LA GRANGE – Sally Binks moved into her in-laws’ old home in the 500 block of Ashland Avenue shortly after her husband and mother-in-law died in 2009.
The next year, she had hip replacement surgery and was confined to the house for about three months. The farthest she could go was her front porch. There were many times she could have used a hand from a neighbor – or simply someone to talk to – but many people on her block didn’t know she had just had surgery.
“When you’re stuck in a house by yourself, you’re kind of like, ‘Why isn’t anyone calling on me? Why isn’t anyone checking on me?’” Binks said. “It’s kind of crazy, but that’s where your mind goes when you’re isolated.”
Eventually, one of her neighbors gathered a group of women to spend a night at Binks’ home having pizza and drinks.
“And it made such a difference to actually get to know the people around me,” Binks said.
Now, Binks has plenty of good friends on her block. But she’s on a mission to help all her neighbors know each other better. As part of a community project for a self-expression and leadership course she’s taking through Landmark Worldwide, Binks organized a block party last weekend. More than an evening of music and games, Binks’ event also involved taking pictures of all the residents on her block with the intent of publishing a neighborhood directory.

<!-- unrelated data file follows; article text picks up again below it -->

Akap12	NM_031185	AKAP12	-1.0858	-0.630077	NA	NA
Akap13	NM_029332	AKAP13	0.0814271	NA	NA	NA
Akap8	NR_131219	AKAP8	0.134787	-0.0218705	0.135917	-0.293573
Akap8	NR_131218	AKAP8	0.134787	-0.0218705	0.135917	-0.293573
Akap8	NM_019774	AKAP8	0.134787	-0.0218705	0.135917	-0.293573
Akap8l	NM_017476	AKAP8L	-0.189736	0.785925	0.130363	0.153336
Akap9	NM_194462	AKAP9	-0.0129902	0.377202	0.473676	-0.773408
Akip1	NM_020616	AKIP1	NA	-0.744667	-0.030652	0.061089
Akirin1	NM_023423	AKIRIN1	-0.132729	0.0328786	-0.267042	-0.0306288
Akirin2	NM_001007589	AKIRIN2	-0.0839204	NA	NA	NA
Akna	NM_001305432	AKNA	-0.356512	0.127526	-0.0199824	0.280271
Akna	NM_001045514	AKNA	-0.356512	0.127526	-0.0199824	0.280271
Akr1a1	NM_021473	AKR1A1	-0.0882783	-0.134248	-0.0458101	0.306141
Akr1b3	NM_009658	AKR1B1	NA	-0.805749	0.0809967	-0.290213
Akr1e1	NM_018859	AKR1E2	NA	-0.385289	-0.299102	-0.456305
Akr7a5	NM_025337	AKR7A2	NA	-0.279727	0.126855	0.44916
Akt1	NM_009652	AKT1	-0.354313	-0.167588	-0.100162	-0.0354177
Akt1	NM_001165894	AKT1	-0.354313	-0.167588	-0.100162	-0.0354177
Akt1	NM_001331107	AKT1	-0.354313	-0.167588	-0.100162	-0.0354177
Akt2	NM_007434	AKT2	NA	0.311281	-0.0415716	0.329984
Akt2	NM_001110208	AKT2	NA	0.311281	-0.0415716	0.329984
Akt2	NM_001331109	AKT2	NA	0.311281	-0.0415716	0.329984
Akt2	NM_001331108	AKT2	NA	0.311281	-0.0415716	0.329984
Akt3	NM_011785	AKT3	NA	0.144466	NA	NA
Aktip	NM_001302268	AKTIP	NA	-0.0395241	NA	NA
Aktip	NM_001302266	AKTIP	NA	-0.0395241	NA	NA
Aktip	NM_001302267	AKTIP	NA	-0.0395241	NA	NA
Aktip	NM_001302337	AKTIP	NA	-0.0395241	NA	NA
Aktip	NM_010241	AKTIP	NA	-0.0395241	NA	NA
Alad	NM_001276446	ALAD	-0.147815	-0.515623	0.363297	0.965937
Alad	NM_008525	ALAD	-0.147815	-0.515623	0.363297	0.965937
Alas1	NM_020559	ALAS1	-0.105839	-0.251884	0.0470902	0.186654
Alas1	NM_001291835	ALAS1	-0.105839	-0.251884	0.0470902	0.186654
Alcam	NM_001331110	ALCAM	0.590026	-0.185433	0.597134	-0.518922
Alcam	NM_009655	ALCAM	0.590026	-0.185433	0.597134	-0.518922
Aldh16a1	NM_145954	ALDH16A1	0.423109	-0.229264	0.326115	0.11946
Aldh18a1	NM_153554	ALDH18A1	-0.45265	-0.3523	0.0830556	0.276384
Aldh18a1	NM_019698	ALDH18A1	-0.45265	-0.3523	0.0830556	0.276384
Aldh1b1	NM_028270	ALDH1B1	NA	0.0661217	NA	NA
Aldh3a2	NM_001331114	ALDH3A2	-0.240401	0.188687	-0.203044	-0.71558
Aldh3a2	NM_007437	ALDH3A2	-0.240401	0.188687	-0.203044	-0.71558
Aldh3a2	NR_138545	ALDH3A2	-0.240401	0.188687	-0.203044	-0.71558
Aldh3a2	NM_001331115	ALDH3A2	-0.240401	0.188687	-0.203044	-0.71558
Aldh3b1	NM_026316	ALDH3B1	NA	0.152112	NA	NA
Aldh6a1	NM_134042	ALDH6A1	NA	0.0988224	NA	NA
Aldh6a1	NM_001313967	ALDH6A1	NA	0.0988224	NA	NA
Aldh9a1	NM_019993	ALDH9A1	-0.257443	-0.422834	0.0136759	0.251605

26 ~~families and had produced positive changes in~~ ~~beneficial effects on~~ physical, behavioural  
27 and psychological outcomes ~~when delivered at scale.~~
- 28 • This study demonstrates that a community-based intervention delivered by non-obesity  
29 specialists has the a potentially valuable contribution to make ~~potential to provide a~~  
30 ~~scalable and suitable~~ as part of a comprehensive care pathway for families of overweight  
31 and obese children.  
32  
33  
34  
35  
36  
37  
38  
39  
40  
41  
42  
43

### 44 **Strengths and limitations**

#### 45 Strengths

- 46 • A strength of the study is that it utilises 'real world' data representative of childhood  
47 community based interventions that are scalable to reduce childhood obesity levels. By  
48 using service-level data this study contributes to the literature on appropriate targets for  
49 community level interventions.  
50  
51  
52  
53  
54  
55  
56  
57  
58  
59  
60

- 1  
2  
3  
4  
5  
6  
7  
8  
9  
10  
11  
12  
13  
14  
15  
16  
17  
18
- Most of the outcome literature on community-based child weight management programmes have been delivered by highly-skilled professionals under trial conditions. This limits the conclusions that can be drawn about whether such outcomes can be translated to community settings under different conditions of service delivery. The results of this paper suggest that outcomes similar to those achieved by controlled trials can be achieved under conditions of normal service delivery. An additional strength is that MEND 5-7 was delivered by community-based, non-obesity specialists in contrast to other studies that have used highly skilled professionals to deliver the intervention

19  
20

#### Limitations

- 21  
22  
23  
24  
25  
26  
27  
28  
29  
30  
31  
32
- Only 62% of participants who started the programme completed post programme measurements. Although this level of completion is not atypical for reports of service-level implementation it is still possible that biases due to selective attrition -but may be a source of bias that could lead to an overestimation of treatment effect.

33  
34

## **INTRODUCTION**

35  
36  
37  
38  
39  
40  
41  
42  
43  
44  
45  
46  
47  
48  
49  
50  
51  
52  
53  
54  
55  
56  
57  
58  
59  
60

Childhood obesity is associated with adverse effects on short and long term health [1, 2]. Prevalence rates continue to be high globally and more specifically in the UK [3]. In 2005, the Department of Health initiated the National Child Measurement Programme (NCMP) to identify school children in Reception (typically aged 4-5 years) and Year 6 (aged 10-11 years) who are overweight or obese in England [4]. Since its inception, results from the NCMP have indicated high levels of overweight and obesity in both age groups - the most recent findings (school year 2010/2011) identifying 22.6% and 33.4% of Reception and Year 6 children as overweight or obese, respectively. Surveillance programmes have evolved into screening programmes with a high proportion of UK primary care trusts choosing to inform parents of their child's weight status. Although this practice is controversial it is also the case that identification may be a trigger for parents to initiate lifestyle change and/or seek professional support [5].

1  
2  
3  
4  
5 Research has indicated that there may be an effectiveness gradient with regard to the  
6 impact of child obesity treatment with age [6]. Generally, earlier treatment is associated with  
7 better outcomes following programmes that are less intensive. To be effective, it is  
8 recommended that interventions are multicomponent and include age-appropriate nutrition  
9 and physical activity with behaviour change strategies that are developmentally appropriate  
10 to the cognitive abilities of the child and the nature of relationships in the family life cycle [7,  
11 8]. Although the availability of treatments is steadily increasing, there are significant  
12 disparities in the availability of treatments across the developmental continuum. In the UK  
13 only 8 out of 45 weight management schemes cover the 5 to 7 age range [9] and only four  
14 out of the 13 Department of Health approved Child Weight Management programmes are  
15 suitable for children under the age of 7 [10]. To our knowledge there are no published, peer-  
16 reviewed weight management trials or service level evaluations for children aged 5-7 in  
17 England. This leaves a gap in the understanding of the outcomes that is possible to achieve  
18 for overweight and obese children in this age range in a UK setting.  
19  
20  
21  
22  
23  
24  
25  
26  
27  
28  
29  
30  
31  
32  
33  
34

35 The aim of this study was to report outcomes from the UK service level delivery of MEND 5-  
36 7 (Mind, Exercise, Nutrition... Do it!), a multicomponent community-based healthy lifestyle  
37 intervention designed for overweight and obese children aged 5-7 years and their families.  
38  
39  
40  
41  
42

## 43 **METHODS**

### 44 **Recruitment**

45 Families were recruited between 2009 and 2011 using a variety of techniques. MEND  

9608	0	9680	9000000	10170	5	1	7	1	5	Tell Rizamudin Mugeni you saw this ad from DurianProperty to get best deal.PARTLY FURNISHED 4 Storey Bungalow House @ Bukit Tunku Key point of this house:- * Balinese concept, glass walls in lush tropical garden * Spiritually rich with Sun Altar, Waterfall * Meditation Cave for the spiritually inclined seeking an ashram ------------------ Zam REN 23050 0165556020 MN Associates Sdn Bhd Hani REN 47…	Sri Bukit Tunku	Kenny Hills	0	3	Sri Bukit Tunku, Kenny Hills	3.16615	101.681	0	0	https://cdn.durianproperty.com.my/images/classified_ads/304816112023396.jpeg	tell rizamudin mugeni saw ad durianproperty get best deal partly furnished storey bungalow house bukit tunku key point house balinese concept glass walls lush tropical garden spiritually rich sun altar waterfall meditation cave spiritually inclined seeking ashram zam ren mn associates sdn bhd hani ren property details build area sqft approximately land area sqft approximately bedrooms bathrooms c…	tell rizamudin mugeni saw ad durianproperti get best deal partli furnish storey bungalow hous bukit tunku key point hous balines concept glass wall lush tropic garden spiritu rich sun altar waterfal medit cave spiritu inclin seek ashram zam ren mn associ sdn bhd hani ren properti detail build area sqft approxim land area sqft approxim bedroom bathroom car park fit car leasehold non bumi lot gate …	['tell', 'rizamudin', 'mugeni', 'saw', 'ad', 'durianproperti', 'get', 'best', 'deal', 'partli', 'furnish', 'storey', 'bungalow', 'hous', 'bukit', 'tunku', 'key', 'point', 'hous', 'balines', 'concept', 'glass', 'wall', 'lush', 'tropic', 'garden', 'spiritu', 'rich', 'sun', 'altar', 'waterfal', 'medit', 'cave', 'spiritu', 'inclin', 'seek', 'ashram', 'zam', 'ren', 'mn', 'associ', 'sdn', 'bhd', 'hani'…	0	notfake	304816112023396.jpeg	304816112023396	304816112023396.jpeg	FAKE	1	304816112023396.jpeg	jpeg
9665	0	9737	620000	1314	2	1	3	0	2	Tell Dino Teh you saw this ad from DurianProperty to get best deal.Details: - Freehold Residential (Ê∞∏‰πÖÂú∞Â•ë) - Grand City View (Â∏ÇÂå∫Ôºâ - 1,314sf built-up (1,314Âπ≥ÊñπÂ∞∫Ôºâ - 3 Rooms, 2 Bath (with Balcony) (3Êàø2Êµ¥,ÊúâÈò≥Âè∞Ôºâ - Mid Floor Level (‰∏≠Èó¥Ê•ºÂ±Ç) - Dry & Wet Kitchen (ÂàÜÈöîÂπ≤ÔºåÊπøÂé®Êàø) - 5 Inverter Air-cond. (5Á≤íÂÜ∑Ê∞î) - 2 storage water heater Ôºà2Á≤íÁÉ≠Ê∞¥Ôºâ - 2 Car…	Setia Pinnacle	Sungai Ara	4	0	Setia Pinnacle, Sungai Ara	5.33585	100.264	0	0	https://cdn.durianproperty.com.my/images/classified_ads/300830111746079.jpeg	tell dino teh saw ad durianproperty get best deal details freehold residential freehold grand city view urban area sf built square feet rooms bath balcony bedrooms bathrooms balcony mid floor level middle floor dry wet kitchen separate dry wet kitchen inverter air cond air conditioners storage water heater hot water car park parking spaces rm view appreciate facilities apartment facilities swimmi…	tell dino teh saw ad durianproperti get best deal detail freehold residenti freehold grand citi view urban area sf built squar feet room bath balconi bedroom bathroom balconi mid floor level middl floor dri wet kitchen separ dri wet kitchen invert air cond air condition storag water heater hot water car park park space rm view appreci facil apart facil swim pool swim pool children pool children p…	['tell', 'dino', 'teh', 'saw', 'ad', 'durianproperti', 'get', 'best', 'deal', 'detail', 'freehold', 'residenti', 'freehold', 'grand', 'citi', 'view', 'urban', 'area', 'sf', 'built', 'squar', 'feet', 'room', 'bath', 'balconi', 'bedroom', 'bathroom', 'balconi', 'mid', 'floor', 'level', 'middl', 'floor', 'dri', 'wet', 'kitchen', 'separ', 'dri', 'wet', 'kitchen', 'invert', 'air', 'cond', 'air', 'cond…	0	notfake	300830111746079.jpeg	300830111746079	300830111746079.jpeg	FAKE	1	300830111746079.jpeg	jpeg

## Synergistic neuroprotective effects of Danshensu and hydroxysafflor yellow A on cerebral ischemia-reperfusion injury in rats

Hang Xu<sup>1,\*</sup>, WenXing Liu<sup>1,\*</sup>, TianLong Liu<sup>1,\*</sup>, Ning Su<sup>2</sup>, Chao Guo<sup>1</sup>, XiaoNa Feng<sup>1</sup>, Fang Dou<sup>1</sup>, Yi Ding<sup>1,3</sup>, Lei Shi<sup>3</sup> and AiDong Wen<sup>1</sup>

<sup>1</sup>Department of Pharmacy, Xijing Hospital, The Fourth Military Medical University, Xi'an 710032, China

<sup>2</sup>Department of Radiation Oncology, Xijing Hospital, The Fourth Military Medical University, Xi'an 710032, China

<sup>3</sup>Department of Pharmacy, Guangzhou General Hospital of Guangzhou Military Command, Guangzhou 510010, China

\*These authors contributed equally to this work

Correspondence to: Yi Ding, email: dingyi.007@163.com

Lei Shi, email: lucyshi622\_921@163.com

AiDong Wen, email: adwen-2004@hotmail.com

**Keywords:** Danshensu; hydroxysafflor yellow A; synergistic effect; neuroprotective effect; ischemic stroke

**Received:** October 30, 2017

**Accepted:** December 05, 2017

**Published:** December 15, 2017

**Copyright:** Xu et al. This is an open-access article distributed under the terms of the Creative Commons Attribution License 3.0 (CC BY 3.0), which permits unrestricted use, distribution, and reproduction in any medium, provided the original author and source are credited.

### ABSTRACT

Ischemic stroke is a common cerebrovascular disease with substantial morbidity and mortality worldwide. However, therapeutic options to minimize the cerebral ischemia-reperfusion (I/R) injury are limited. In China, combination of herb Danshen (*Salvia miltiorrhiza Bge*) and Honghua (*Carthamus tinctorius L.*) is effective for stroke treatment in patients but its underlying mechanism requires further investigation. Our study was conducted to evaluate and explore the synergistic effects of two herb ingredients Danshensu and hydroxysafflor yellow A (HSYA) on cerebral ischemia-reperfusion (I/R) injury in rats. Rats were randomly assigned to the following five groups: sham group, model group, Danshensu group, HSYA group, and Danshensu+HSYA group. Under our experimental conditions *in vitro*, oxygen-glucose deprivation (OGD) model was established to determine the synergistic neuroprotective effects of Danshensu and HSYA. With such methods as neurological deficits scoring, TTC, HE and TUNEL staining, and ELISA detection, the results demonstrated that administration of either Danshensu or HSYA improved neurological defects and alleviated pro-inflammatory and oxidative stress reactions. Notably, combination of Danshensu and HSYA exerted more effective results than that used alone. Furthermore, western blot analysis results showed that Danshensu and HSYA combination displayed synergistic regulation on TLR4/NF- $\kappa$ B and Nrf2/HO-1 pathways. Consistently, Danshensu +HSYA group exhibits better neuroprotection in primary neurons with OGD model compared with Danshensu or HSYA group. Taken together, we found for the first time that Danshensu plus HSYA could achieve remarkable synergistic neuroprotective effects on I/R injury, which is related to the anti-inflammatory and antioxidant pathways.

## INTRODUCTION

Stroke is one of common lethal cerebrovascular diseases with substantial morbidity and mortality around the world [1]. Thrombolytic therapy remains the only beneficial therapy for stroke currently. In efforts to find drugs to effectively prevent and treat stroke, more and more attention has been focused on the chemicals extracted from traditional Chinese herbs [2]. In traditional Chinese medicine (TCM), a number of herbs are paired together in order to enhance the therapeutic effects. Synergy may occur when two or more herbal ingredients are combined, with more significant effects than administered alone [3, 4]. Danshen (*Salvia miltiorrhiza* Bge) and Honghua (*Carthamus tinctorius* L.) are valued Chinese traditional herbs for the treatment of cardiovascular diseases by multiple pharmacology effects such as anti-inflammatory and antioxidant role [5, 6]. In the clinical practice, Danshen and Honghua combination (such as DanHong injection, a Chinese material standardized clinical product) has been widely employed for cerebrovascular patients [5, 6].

“We’re having a block party, but not just to have a party,” Binks said before the event.
About 80 people attended the party, representing 18 of the 24 homes on the block and 10 homes outside the block. It was such a success that Binks said planning for next year’s party will begin soon.
For her project, Binks researched each home on the block through the La Grange Area Historical Society. She learned that since 2000, 67 percent of the homes on the block have changed hands.
Binks then talked to someone from each of the 24 homes on the block. Her neighbors were extremely receptive to the idea, Binks said, so much so that she was able to delegate all the tasks of throwing the party, like food, activities and music.
The one thing she organized herself was a trivia game. She asked all her neighbors for a fact about themselves that most people don’t know, and the game required participants to match those facts with pictures of their neighbors on a board.
For Binks, 59, the point of the project is to create the type of neighborhood she remembers from her childhood.
“If you need someone to do something for you or you have an emergency, you can pick up the phone and someone will be there for you,” Binks said. “We used to be that way … You knew everyone in your neighborhood. Well, you don’t do that anymore. Because no one knows each other that well.”
Binks will spend the next few weeks putting together the neighborhood directory, with names, addresses, photos and even the block’s own version of a Yellow Book with business recommendations from neighbors.
With the book – and the relationships formed at the block party – Binks hopes her neighbors won’t hesitate to call on each other when they need help.
The project sure gives new meaning to the phrase, being neighborly.